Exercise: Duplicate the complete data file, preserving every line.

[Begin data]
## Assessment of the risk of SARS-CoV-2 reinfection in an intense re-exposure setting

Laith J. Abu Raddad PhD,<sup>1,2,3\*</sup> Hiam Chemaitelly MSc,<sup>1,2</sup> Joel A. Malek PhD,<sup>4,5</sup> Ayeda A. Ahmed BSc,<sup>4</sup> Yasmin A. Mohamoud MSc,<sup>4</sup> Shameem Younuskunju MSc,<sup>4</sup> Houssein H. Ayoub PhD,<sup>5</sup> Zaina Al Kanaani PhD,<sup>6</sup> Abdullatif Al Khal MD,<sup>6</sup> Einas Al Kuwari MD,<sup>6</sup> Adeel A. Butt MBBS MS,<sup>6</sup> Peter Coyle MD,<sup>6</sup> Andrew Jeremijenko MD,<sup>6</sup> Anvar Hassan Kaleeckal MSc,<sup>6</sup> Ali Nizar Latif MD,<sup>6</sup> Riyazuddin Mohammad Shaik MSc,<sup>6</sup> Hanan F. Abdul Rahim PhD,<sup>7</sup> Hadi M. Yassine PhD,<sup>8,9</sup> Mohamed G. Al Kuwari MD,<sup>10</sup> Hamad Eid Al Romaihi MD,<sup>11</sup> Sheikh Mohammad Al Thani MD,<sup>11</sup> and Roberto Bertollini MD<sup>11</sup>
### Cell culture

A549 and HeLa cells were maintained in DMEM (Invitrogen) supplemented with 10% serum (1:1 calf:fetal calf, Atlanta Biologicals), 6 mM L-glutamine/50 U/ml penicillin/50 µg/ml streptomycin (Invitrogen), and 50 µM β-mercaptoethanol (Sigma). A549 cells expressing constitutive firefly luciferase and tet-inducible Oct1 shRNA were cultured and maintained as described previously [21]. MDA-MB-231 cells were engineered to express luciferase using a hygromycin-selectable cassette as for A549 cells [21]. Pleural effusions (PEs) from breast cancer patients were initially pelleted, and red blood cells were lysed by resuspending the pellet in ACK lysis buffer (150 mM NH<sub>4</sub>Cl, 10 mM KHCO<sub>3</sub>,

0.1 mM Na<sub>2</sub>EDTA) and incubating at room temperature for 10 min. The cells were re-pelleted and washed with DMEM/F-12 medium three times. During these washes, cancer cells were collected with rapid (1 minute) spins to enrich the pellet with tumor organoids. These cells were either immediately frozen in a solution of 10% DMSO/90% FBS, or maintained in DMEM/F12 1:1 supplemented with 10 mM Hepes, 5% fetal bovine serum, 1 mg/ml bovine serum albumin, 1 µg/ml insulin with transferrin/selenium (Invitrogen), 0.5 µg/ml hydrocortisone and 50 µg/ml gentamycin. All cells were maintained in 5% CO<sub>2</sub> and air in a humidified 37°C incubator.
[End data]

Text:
## Assessment of the risk of SARS-CoV-2 reinfection in an intense re-exposure setting

Laith J. Abu Raddad PhD,<sup>1,2,3\*</sup> Hiam Chemaitelly MSc,<sup>1,2</sup> Joel A. Malek PhD,<sup>4,5</sup> Ayeda A. Ahmed BSc,<sup>4</sup> Yasmin A. Mohamoud MSc,<sup>4</sup> Shameem Younuskunju MSc,<sup>4</sup> Houssein H. Ayoub PhD,<sup>5</sup> Zaina Al Kanaani PhD,<sup>6</sup> Abdullatif Al Khal MD,<sup>6</sup> Einas Al Kuwari MD,<sup>6</sup> Adeel A. Butt MBBS MS,<sup>6</sup> Peter Coyle MD,<sup>6</sup> Andrew Jeremijenko MD,<sup>6</sup> Anvar Hassan Kaleeckal MSc,<sup>6</sup> Ali Nizar Latif MD,<sup>6</sup> Riyazuddin Mohammad Shaik MSc,<sup>6</sup> Hanan F. Abdul Rahim PhD,<sup>7</sup> Hadi M. Yassine PhD,<sup>8,9</sup> Mohamed G. Al Kuwari MD,<sup>10</sup> Hamad Eid Al Romaihi MD,<sup>11</sup> Sheikh Mohammad Al Thani MD,<sup>11</sup> and Roberto Bertollini MD<sup>11</sup>
### Cell culture

A549 and HeLa cells were maintained in DMEM (Invitrogen) supplemented with 10% serum (1:1 calf:fetal calf, Atlanta Biologicals), 6 mM L-glutamine/50 U/ml penicillin/50 µg/ml streptomycin (Invitrogen), and 50 µM β-mercaptoethanol (Sigma). A549 cells expressing constitutive firefly luciferase and tet-inducible Oct1 shRNA were cultured and maintained as described previously [21]. MDA-MB-231 cells were engineered to express luciferase using a hygromycin-selectable cassette as for A549 cells [21]. Pleural effusions (PEs) from breast cancer patients were initially pelleted, and red blood cells were lysed by resuspending the pellet in ACK lysis buffer (150 mM NH<sub>4</sub>Cl, 10 mM KHCO<sub>3</sub>,

0.1 mM Na<sub>2</sub>EDTA) and incubating at room temperature for 10 min. The cells were re-pelleted and washed with DMEM/F-12 medium three times. During these washes, cancer cells were collected with rapid (1 minute) spins to enrich the pellet with tumor organoids. These cells were either immediately frozen in a solution of 10% DMSO/90% FBS, or maintained in DMEM/F12 1:1 supplemented with 10 mM Hepes, 5% fetal bovine serum, 1 mg/ml bovine serum albumin, 1 µg/ml insulin with transferrin/selenium (Invitrogen), 0.5 µg/ml hydrocortisone and 50 µg/ml gentamycin. All cells were maintained in 5% CO<sub>2</sub> and air in a humidified 37°C incubator.